hospital royal queen college river fine henry
GREENWICH, a market-town and parliamentary borough in the county of Kent, England, is pleasantly situated on the right bank of the Thames, 6 miles S.E of London Bridge by the river. The streets towards the river are narrow and irregular, but in the higher situations there are many fine terraces and villas. The town has manufactories of various kinds, including the works of the telegraph maintenance company, engineering works, soap work, chemical works, and a brewery. On account of its picturesque views, its fine air, and its public park and other attractions, it is one of the favourite resorts. of Londoners.
Fronting the river stands the splendid range of buildings in the Grecian style of architecture, formerly known as Greenwich Hospital, but now the Royal Naval College. It occupies the site of an ancient royal palace called Greenwich house, which was a favourite royal residence as early as 1300, but was granted by Henry V. to Thomas Beaufort, duke of Exeter, from whom it passed to Humphrey, duke of Gloucester ; and it did not revert to the crown till his death in 1433. It was the birthplace of Henry VIII., Queen Mary, and Queen Elizabeth. The building was enlarged by Edward IV., by Henry VIII., who made it his chief residence and named it Placentia, by James I:, by Charles I., who erected the "Queen's House ''' for Henrietta Maria. Along with other royal palaces it was at the Revolution appropriated by the Protector, but it reverted to the crown on the restoration of Charles II., by whom it was pulled down, and the west wing of the present hospital was erected as part of an extensive design which was not further carried out. In its unfinished state it was assigned by the patent of William and Mary to certain of the great officers of state, as commissioners for its conversion into a hospital for seamen. As it now stands, the building consists of four blocks. Behind a terrace 860 feet in length, stretching along the river side, are the buildings erected in the time of Charles II. by Webb from Inigo Jones's designs, and in that of Queen Anne from designs by Sir Christopher Wren ; and behind these buildings are on the west those of King William and on the cast those of Queen Mary, both from Wren's designs. In the King William range is the painted hall. Its walls and ceiling were.painted by Sir Thomas Thornhill with various emblematic devices, and it is hung with portraits of the most distinguished admirals, and paintings of the chief naval battles of England. In the centre of the principal quadrangle of the hospital there is a statue of George H. by Rysbrack, sculptured out of a single block of marble taken from the French by Admiral Sir George Rooke. The oldest part of the building was in some measure rebuilt in 1811, and the present chapel was erected to replace one destroyed by fire in 1779. The endowments of the hospital were increased at various periods from bequests and forfeited. estates. Formerly 3000 retired seamen were boarded within it, and 5000 or 6000 others, called out-pensioners, received stipends at various rates out of its funds ; but in 1865 an Act was passed empowering the Admiralty to grant liberal pensions in lieu of food and lodging to such of the inmates as were willing to quit the hospital, and in 1869 another Act was passed making their leaving on these conditions compulsory. It has since been devoted to the accommodation of the students of the Royal Naval College, for which purpose it was formally opened in 1873. Behind the College is the Royal Hospital School, where 1000 boys, sons of petty officers and seamen, are boarded.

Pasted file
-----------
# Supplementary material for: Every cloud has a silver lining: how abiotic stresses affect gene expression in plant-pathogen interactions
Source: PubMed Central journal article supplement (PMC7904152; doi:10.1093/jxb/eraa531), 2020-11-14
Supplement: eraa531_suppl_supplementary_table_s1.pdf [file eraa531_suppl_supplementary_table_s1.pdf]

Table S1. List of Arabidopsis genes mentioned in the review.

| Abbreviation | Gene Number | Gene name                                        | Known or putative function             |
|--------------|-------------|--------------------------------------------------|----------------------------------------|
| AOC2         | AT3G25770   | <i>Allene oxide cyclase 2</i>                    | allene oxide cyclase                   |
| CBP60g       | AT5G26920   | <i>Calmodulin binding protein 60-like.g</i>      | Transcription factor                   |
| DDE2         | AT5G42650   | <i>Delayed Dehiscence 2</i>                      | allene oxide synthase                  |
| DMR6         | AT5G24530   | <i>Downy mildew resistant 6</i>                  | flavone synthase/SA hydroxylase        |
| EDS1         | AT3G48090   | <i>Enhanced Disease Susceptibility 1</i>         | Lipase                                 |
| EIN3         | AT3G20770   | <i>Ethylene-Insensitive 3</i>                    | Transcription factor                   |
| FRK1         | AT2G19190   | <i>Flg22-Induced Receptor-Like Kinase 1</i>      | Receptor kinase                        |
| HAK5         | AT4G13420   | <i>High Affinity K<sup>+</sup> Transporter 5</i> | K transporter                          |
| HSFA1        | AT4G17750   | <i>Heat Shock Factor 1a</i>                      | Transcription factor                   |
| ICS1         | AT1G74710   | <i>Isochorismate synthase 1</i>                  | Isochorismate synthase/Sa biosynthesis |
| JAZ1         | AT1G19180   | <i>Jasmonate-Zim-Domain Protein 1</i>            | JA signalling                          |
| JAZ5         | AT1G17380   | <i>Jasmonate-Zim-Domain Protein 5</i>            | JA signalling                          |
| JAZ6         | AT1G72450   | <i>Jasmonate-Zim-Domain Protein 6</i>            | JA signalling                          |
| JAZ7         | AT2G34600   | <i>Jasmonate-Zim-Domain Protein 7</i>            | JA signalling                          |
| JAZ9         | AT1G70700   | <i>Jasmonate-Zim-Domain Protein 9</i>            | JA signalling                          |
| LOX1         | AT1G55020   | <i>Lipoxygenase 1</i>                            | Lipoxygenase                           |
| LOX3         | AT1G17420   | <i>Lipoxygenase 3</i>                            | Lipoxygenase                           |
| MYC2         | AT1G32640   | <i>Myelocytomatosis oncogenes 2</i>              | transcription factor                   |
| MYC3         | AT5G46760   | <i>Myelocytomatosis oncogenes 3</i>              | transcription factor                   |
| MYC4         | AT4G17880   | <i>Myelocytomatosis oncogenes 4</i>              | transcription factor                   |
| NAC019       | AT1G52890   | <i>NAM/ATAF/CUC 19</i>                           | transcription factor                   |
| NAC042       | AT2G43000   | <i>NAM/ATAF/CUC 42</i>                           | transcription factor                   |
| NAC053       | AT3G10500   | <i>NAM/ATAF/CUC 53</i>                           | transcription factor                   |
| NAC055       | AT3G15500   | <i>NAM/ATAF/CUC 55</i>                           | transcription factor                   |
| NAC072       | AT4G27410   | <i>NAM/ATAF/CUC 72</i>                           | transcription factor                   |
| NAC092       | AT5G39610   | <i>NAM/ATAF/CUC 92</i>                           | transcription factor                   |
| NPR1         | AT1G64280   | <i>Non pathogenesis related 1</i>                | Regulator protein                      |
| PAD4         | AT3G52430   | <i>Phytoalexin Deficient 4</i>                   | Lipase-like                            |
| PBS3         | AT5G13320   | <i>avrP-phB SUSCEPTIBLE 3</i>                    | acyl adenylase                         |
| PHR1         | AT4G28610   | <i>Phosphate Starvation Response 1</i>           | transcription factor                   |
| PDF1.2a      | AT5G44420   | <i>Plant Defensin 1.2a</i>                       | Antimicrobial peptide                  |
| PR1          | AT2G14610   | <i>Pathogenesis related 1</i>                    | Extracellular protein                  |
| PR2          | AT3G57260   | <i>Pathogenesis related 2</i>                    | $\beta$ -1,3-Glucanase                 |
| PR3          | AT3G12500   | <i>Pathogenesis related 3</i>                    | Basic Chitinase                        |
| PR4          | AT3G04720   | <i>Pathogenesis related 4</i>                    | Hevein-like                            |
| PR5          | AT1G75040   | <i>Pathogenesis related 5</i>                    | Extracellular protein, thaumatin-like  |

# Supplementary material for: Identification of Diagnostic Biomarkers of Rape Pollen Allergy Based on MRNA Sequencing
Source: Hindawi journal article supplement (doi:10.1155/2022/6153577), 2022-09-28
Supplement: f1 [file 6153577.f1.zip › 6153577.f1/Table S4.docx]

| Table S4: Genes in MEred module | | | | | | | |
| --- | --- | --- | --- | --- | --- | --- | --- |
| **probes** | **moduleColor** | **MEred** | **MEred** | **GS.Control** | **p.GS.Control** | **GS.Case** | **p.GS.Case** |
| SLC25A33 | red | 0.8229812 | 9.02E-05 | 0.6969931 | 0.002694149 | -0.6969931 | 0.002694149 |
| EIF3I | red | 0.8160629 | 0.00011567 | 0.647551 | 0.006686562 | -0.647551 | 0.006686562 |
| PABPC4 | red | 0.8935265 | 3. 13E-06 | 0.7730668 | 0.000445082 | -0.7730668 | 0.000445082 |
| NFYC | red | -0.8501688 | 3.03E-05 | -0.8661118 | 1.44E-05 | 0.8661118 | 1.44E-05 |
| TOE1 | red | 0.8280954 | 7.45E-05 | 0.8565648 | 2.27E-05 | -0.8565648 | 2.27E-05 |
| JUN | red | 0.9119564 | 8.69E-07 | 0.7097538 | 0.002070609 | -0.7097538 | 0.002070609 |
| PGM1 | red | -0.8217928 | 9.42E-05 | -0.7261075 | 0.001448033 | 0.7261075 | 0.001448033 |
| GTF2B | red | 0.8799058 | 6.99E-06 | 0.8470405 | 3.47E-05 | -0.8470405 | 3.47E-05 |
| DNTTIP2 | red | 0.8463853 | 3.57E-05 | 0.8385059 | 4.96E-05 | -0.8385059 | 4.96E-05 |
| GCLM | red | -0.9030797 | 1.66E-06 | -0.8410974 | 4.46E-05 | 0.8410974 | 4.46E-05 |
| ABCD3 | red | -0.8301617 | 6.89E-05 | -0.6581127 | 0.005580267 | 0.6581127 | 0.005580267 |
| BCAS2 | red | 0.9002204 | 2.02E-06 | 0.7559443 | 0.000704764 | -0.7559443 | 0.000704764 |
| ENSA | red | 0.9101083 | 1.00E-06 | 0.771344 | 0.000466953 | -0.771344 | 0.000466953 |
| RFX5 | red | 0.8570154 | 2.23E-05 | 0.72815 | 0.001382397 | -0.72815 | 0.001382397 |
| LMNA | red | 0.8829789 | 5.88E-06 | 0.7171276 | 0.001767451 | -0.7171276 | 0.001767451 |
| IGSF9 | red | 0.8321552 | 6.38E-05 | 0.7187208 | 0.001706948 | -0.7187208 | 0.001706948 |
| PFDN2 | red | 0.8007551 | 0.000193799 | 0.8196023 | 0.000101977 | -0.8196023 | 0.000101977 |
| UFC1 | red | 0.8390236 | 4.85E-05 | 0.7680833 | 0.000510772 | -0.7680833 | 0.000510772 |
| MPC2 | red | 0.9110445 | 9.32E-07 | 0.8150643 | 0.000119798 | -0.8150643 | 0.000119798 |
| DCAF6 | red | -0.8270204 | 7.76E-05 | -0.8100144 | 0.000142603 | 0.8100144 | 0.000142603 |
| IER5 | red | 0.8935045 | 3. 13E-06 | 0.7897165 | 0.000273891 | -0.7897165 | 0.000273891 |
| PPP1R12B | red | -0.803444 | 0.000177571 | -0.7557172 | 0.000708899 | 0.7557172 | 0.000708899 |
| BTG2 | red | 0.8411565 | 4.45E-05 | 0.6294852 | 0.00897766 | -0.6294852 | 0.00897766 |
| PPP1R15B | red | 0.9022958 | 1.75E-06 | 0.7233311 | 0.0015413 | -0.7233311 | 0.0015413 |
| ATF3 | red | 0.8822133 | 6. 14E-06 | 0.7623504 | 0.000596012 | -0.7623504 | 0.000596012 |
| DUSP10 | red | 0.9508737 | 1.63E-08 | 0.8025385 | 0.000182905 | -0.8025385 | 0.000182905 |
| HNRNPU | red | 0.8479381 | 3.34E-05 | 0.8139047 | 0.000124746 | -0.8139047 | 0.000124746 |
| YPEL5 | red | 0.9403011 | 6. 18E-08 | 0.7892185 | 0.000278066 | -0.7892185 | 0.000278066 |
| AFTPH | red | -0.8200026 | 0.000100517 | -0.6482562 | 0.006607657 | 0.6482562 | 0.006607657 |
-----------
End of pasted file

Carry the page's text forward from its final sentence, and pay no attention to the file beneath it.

Another of the attractions of Greenwich is the park, 190 acres in extent, in which is situated the Royal Observatory. It was enclosed by Humphrey, duke of Gloucester, in 1433, and laid oat by Charles II. It still contains a fine avenue of Spanish chestnuts planted in his time; and the hill rising towards the south commands a fine prospect over London, the Thames, and the plains of Essex. The Royal Observatory was built in 1675, for the advancement of navigation and nautical astronomy. From it the exact time is conveyed at one o'clock every day by electric current to London and all the other chief towns of the kingdom; and English geographers reckon longitude from its meridian. Adjoining Greenwich Park is Blackheath, an open common much frequented by excursionists, and also used for golf and cricket.
Greenwich possesses a considerable number of almshouses and other charitable foundations, among which may be mentioned Queen Elizabeth's College; Trinity Hospital, founded by Henry Howard, earl of Northampton, in 1613 ; the Jubilee Almshouses, founded by subscription of the inhabitants in 1809 in commemoration of the fiftieth anniversary of George III. ; the Green Coat School, the Grey Coat School, and the Orphan Girl's School. The parish church is dedicated to St Alphege, archbishop of Canterbury, who suffered martyrdom at Greenwich.
Greenwich is first noticed in the reign of Ethelred, when it was from 1011 to 1014 the station of the Danish fleet. It has been the plate of debarkation of many illustrious personages, as well as in 1800; after the battle of Trafalgar, of the remains of Lord Nelson, which lay in state in the painted hall of the hospital previous to their removal for interment in St Paul's Cathedral. In 1577 it returned two burgesses to parliament, but it was not again represented till the same privilege was conferred on it by the Reform Aet of 1832. The population of the parish in 1871 was 40,412. The population of the parliamentary borough - whose limits were extended in 1868, and include the parishes of Charlton next Woolwich, Plumstead, and St Nicholas and St Paul, Deptford, and part of Woolwich - is 169,361, and the area 8581 acres, of which 657 are in Surrey.